Exposing RFMs to calls via CPIC from within your company’s network is less risky than exposing RFM to calls over WebSocket from the internet. Therefore, you should keep the numbers of RFMs exposed to calls via WebSocket RFC as small as possible, and this is why UCON for WebSocket RFC has a dedicated allowlist of its own that you should maintain carefully: It  would be very insecure, if you exposed all RFMs you need to access in your CPIC-based RFC scenarios also for external calls over WebSocket – as it would be the case if you had a shared allowlist for RFC over CPIC and WebSocket RFC. For security reasons, you should have an allowlist of its own for WebSocket-RFC-scenarios, if your ABAP onPremise system is exposed to the internet

It is, however, possible to select an option in UCON for WebSocket RFC that automatically exposes the same RFMs via WebSocket RFC and via RFC over CPIC. This option is mainly meant for those customers who can or want to invest as little time as possible in the UCON protection of their server-side WebSocket RFC communication and, still, want to profit from UCON protection of WebSocket RFC. But of course, having distinct allowlists for WebSocket RFC and CPIC RFC respectively, is more secure.

Important Note: No matter whether you chose to have the same or different allowlists for RFMs to be called over WebSocket and over CPIC, – as already stated above – you should only enable WebSocket RFC for a particular destination based on an intentional decision and after extensive testing:

Before you have to make sure that no SAP-/WEBGUIs and no callbacks are used in the RFMs called via the respective destination: Since these features are not supported in WebSocket RFC, calling RFMs that open SAP-/WEBGUI-based UIs or use callbacks over WebSocket will cause a dump, which should be prevented by testing.

Administration of UCON for WebSocket requires little effort because – in contrast to UCON RFC basis for CPIC-based RFC – there is no dedicated logging and there are no phases in UCON for WebSocket RFC. You simply do not need this: Due to the extensive testing that is required for WebSocket RFC scenarios, you know exactly which RFMs to expose. Still, if you chose to have the same allowlist for both RFC flavors, accordingly, the UCON phase tool of the UCON RFC basic scenario shows all RFC calls in the same way no matter if they are WebSocket- or CPIC-based.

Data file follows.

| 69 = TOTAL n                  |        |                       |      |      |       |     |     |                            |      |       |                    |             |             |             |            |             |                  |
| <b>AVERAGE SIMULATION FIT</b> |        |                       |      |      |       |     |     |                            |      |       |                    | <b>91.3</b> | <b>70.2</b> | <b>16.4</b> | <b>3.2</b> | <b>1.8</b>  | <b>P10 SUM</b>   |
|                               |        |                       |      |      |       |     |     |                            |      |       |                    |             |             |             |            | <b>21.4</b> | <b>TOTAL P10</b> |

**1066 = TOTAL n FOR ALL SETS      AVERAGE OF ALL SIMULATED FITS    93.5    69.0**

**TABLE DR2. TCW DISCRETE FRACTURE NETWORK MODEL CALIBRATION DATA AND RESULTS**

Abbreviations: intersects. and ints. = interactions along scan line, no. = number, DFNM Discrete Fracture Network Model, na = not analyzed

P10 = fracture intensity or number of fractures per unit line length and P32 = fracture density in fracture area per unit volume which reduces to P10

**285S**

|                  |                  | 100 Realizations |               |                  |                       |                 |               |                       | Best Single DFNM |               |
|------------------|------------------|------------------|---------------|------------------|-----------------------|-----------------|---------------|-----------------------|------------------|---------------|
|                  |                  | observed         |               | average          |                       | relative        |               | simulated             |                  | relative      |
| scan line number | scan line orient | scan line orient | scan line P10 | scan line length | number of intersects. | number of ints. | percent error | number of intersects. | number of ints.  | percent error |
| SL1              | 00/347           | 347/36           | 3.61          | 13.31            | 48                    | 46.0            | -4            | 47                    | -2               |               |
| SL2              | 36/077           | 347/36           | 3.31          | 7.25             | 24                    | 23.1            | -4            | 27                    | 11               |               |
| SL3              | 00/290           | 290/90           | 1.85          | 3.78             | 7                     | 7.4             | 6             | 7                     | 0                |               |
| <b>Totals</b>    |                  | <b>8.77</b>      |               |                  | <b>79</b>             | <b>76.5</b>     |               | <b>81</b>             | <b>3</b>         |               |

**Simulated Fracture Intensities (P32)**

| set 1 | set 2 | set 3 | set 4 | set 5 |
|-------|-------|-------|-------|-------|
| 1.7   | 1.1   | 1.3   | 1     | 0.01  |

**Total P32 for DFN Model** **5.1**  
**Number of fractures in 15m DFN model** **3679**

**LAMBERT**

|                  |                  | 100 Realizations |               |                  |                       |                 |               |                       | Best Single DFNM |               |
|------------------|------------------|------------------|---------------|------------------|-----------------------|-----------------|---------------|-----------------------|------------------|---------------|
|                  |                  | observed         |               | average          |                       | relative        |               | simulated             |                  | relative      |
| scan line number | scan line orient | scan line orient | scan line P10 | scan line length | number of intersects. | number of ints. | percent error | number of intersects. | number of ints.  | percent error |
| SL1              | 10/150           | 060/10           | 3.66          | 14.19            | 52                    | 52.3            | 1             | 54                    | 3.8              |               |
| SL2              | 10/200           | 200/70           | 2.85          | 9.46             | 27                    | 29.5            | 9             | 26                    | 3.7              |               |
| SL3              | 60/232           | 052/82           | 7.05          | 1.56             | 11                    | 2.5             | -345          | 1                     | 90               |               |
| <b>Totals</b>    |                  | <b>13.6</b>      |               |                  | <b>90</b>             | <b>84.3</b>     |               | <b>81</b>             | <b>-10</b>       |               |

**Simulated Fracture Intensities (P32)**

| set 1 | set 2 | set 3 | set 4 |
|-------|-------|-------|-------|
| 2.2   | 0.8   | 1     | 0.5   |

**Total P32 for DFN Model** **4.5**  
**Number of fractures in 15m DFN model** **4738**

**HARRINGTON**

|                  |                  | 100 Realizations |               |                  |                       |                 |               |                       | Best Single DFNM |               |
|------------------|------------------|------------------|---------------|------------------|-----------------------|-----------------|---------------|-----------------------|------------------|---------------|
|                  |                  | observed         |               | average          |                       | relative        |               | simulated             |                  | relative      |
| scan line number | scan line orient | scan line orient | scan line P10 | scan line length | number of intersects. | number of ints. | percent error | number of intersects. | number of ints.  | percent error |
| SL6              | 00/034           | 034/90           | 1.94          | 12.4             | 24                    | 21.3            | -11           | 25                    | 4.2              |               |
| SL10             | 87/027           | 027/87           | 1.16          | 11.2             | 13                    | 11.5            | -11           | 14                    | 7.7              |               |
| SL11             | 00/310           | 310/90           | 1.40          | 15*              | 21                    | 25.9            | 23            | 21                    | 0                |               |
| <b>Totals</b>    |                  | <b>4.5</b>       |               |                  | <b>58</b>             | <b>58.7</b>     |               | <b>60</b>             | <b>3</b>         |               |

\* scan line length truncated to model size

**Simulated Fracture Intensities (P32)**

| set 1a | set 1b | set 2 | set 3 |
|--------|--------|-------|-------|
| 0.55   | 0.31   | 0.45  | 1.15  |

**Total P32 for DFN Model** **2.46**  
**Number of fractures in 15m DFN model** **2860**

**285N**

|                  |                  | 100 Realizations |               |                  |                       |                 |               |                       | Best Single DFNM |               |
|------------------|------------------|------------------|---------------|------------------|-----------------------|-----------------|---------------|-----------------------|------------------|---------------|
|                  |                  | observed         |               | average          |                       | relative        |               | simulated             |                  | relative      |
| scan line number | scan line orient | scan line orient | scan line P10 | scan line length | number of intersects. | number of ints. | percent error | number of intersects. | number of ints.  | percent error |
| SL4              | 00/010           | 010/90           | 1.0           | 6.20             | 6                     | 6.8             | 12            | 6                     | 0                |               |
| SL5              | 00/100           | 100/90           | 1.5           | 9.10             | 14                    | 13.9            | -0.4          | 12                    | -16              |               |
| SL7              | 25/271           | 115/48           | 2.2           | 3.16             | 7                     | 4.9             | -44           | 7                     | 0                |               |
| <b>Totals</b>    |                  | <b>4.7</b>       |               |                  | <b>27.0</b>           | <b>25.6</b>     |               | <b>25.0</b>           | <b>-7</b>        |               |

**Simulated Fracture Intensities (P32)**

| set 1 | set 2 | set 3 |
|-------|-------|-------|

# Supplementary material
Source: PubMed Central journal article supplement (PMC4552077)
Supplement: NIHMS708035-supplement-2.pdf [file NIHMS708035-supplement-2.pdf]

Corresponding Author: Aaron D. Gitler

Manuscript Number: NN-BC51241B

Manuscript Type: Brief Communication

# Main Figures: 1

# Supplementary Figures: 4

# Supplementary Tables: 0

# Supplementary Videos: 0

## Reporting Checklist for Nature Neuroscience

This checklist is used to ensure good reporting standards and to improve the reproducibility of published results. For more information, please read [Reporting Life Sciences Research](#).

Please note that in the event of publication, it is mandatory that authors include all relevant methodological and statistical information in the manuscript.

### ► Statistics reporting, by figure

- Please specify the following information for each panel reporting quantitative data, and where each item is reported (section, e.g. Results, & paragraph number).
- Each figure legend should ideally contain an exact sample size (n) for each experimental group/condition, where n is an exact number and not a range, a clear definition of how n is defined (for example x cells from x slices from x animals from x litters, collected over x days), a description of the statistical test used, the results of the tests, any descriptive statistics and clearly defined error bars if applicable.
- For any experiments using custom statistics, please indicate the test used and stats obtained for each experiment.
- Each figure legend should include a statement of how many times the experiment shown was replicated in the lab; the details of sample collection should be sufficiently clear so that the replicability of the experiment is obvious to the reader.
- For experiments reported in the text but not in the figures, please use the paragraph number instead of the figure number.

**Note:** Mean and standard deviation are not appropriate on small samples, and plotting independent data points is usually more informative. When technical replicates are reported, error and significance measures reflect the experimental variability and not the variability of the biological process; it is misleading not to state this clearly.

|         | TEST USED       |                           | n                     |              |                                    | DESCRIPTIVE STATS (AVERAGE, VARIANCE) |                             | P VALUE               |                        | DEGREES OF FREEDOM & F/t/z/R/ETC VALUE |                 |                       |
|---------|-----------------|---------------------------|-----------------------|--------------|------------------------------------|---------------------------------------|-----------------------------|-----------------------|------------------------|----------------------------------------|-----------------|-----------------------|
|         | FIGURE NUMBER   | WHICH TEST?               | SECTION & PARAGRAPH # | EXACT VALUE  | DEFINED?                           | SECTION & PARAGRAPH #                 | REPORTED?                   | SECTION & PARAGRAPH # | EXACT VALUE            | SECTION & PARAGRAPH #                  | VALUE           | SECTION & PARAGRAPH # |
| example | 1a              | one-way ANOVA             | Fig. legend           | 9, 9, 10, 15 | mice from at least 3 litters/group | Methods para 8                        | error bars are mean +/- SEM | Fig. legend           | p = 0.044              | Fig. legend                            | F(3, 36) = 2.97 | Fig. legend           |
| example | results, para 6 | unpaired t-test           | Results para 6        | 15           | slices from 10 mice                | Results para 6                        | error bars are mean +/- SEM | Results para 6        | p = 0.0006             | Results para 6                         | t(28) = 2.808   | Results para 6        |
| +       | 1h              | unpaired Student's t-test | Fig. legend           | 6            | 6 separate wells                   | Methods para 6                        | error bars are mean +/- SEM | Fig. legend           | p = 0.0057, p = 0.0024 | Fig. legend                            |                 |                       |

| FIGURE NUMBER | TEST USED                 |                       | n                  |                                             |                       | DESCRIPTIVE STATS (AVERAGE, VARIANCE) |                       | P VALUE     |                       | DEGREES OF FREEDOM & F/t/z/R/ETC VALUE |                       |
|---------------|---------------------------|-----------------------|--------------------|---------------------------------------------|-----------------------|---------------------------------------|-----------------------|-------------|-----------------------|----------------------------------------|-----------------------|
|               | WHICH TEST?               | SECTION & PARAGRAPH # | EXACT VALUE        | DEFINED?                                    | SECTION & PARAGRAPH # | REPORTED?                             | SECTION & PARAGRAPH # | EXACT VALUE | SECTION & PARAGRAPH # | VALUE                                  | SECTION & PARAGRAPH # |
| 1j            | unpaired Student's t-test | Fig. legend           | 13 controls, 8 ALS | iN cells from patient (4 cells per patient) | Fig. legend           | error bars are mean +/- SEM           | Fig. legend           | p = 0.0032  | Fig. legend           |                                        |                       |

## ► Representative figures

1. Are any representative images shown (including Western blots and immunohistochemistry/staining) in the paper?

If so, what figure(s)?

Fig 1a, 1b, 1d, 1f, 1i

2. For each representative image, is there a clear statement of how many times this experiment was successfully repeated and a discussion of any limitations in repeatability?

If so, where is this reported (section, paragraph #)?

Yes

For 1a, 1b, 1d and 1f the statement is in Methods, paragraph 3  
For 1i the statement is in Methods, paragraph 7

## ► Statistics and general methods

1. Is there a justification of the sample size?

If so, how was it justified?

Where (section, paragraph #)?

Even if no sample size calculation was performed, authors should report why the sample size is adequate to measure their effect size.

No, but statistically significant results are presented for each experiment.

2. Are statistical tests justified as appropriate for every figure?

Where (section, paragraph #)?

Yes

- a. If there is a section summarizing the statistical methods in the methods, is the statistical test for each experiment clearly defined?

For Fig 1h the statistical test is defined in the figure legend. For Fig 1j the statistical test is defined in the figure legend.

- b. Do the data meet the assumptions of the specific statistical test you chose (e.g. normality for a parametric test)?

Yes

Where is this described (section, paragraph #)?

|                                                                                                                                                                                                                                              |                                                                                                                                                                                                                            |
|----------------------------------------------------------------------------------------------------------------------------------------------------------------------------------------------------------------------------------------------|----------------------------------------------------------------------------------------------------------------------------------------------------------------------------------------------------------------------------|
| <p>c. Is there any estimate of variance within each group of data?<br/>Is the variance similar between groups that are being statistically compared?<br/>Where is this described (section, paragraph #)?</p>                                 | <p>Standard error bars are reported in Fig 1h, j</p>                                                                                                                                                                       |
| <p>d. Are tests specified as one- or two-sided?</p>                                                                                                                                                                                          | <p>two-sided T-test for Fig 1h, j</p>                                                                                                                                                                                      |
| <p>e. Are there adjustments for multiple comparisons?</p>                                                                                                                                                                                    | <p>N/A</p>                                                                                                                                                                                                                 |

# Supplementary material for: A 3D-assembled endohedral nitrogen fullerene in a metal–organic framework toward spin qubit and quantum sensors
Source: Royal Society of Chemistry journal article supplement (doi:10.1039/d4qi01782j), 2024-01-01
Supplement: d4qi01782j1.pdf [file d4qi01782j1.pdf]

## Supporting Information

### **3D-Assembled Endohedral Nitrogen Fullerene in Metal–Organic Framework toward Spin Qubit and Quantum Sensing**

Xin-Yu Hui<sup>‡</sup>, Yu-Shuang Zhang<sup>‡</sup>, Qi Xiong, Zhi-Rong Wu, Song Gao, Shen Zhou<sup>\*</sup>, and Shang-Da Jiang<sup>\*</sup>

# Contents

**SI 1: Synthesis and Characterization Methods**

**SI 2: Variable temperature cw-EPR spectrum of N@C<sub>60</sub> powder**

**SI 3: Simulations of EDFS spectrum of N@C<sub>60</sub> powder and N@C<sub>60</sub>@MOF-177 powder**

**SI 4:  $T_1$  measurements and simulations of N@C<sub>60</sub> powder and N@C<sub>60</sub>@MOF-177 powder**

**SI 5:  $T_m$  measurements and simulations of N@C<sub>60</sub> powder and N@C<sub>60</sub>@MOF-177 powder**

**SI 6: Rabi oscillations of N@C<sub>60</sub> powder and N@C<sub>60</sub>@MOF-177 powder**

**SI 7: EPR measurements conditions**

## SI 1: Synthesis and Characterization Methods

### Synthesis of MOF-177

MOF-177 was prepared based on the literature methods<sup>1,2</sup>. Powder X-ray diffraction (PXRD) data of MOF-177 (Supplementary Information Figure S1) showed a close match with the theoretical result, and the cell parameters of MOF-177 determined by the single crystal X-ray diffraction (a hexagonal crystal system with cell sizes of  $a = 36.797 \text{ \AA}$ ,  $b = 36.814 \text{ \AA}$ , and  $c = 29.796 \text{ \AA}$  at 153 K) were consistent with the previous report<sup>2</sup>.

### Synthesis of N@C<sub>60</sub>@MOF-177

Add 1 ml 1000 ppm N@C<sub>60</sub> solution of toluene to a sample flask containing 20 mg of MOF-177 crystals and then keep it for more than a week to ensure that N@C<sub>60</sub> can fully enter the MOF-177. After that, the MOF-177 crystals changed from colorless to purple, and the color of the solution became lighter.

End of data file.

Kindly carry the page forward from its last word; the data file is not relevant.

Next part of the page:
Summary

Gone are the days, when you had to choose between RFC and a connectivity technology with a standardized web-enabled transport layer. With WebSocket RFC you have it all: The advantages of a standardized transport layer and the well-known advantages of RFC. Calling RFMs via WebSocket RFC you can use standard internet infrastructure and no longer need VPN tunnels for calls across the borders of your business network. Still you get RFC’s high performance, a continuously open connection and RFC’s close integration into the ABAP programming model plus all the improvements that come with RFC’s fast serialization – such as its equally high transmission speed for all data and parameter types as well as for all permitted parameter extensions and fast serialization’s S/4HANA mode that mitigates problems in the RFC transmission caused by incompatible changes of DDIC types with every S/4HANA release.

The RFC statement you need for calls via Web Socket RFC is the same as it ever was. But at any rate, you should take into account that WebSocket RFC does not support SAP-/WEBGUI-based UIs or RFC callbacks.

WebSocket RFC is secure by default because of mandatory TLS-encryption and mandatory and active-by-default UCON protection on-premise and in the cloud. The test effort needed to setup the respective allowlist with all relevant RFMs varies depending on whether the RFMs to be exposed are known or not: No additional effort to fill the UCON list is required in the cloud and for new on-premise scenarios. Using WebSocket RFC for existing on-premise scenarios may need extensive testing to find out the respective RFMs you need to expose.